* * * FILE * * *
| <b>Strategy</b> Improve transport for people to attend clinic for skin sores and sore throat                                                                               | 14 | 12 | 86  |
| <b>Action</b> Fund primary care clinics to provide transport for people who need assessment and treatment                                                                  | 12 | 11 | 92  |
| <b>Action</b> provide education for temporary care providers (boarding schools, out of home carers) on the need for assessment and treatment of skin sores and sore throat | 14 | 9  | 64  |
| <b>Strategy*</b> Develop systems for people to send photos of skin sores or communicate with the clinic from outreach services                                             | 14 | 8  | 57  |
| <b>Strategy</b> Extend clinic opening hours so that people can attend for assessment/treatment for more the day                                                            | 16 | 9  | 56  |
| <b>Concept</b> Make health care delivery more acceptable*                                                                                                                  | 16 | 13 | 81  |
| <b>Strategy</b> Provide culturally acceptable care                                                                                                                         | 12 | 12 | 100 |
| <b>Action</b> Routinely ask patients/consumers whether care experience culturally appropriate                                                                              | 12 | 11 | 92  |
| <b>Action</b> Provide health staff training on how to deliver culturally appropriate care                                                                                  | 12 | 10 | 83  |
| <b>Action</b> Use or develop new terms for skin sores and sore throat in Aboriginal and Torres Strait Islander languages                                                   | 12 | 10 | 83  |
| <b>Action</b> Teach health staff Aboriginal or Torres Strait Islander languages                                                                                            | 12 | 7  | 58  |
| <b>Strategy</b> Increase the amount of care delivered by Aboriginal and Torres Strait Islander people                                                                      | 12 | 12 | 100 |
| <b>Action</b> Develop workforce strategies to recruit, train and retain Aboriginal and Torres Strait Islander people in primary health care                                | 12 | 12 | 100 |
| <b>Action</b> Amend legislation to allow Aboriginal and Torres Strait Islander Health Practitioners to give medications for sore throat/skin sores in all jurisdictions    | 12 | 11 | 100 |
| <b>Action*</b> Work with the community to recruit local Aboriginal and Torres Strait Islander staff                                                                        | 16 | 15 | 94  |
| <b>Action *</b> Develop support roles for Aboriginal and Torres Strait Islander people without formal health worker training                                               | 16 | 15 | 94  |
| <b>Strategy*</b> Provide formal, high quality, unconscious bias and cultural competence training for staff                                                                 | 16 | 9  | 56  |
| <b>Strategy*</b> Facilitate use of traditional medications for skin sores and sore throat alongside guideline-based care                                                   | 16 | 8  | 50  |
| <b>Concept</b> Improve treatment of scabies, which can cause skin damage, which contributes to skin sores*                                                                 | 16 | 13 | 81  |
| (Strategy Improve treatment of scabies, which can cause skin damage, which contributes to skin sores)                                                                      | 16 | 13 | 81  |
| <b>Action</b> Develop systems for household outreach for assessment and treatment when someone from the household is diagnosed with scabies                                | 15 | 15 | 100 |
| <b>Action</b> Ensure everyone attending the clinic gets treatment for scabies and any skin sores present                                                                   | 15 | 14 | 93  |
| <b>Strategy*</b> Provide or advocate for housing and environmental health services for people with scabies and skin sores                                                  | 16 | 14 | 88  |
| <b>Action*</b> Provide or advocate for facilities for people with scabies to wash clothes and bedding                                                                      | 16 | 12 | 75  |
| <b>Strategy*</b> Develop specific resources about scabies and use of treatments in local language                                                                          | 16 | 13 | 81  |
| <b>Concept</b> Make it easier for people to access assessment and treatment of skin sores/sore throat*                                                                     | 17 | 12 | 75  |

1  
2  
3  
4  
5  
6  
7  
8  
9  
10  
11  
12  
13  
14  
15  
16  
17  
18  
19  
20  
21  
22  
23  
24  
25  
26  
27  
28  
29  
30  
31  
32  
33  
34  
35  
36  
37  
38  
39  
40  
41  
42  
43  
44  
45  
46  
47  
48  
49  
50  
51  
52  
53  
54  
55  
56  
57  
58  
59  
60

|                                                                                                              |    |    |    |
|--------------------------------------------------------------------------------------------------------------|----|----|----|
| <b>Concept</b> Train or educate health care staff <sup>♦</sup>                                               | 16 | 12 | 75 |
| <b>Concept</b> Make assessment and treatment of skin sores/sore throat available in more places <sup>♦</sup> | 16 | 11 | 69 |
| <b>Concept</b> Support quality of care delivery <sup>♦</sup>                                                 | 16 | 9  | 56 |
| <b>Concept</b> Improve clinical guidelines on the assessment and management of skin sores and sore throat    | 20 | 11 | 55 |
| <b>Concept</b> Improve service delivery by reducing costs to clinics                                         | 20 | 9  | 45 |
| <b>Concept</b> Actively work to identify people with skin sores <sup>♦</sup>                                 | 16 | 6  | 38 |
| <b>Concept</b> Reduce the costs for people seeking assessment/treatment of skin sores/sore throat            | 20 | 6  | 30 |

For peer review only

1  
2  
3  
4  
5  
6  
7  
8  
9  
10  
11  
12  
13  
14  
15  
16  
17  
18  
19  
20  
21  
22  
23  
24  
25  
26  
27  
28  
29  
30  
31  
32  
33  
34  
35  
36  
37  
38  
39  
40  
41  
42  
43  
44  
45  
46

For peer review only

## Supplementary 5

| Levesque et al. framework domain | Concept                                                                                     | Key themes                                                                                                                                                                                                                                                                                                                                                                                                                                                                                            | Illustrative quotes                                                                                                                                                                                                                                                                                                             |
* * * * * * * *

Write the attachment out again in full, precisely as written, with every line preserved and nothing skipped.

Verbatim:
| <b>Strategy</b> Improve transport for people to attend clinic for skin sores and sore throat                                                                               | 14 | 12 | 86  |
| <b>Action</b> Fund primary care clinics to provide transport for people who need assessment and treatment                                                                  | 12 | 11 | 92  |
| <b>Action</b> provide education for temporary care providers (boarding schools, out of home carers) on the need for assessment and treatment of skin sores and sore throat | 14 | 9  | 64  |
| <b>Strategy*</b> Develop systems for people to send photos of skin sores or communicate with the clinic from outreach services                                             | 14 | 8  | 57  |
| <b>Strategy</b> Extend clinic opening hours so that people can attend for assessment/treatment for more the day                                                            | 16 | 9  | 56  |
| <b>Concept</b> Make health care delivery more acceptable*                                                                                                                  | 16 | 13 | 81  |
| <b>Strategy</b> Provide culturally acceptable care                                                                                                                         | 12 | 12 | 100 |
| <b>Action</b> Routinely ask patients/consumers whether care experience culturally appropriate                                                                              | 12 | 11 | 92  |
| <b>Action</b> Provide health staff training on how to deliver culturally appropriate care                                                                                  | 12 | 10 | 83  |
| <b>Action</b> Use or develop new terms for skin sores and sore throat in Aboriginal and Torres Strait Islander languages                                                   | 12 | 10 | 83  |
| <b>Action</b> Teach health staff Aboriginal or Torres Strait Islander languages                                                                                            | 12 | 7  | 58  |
| <b>Strategy</b> Increase the amount of care delivered by Aboriginal and Torres Strait Islander people                                                                      | 12 | 12 | 100 |
| <b>Action</b> Develop workforce strategies to recruit, train and retain Aboriginal and Torres Strait Islander people in primary health care                                | 12 | 12 | 100 |
| <b>Action</b> Amend legislation to allow Aboriginal and Torres Strait Islander Health Practitioners to give medications for sore throat/skin sores in all jurisdictions    | 12 | 11 | 100 |
| <b>Action*</b> Work with the community to recruit local Aboriginal and Torres Strait Islander staff                                                                        | 16 | 15 | 94  |
| <b>Action *</b> Develop support roles for Aboriginal and Torres Strait Islander people without formal health worker training                                               | 16 | 15 | 94  |
| <b>Strategy*</b> Provide formal, high quality, unconscious bias and cultural competence training for staff                                                                 | 16 | 9  | 56  |
| <b>Strategy*</b> Facilitate use of traditional medications for skin sores and sore throat alongside guideline-based care                                                   | 16 | 8  | 50  |
| <b>Concept</b> Improve treatment of scabies, which can cause skin damage, which contributes to skin sores*                                                                 | 16 | 13 | 81  |
| (Strategy Improve treatment of scabies, which can cause skin damage, which contributes to skin sores)                                                                      | 16 | 13 | 81  |
| <b>Action</b> Develop systems for household outreach for assessment and treatment when someone from the household is diagnosed with scabies                                | 15 | 15 | 100 |
| <b>Action</b> Ensure everyone attending the clinic gets treatment for scabies and any skin sores present                                                                   | 15 | 14 | 93  |
| <b>Strategy*</b> Provide or advocate for housing and environmental health services for people with scabies and skin sores                                                  | 16 | 14 | 88  |
| <b>Action*</b> Provide or advocate for facilities for people with scabies to wash clothes and bedding                                                                      | 16 | 12 | 75  |
| <b>Strategy*</b> Develop specific resources about scabies and use of treatments in local language                                                                          | 16 | 13 | 81  |
| <b>Concept</b> Make it easier for people to access assessment and treatment of skin sores/sore throat*                                                                     | 17 | 12 | 75  |

1  
2  
3  
4  
5  
6  
7  
8  
9  
10  
11  
12  
13  
14  
15  
16  
17  
18  
19  
20  
21  
22  
23  
24  
25  
26  
27  
28  
29  
30  
31  
32  
33  
34  
35  
36  
37  
38  
39  
40  
41  
42  
43  
44  
45  
46  
47  
48  
49  
50  
51  
52  
53  
54  
55  
56  
57  
58  
59  
60

|                                                                                                              |    |    |    |
|--------------------------------------------------------------------------------------------------------------|----|----|----|
| <b>Concept</b> Train or educate health care staff <sup>♦</sup>                                               | 16 | 12 | 75 |
| <b>Concept</b> Make assessment and treatment of skin sores/sore throat available in more places <sup>♦</sup> | 16 | 11 | 69 |
| <b>Concept</b> Support quality of care delivery <sup>♦</sup>                                                 | 16 | 9  | 56 |
| <b>Concept</b> Improve clinical guidelines on the assessment and management of skin sores and sore throat    | 20 | 11 | 55 |
| <b>Concept</b> Improve service delivery by reducing costs to clinics                                         | 20 | 9  | 45 |
| <b>Concept</b> Actively work to identify people with skin sores <sup>♦</sup>                                 | 16 | 6  | 38 |
| <b>Concept</b> Reduce the costs for people seeking assessment/treatment of skin sores/sore throat            | 20 | 6  | 30 |

For peer review only

1  
2  
3  
4  
5  
6  
7  
8  
9  
10  
11  
12  
13  
14  
15  
16  
17  
18  
19  
20  
21  
22  
23  
24  
25  
26  
27  
28  
29  
30  
31  
32  
33  
34  
35  
36  
37  
38  
39  
40  
41  
42  
43  
44  
45  
46

For peer review only

## Supplementary 5

| Levesque et al. framework domain | Concept                                                                                     | Key themes                                                                                                                                                                                                                                                                                                                                                                                                                                                                                            | Illustrative quotes                                                                                                                                                                                                                                                                                                             |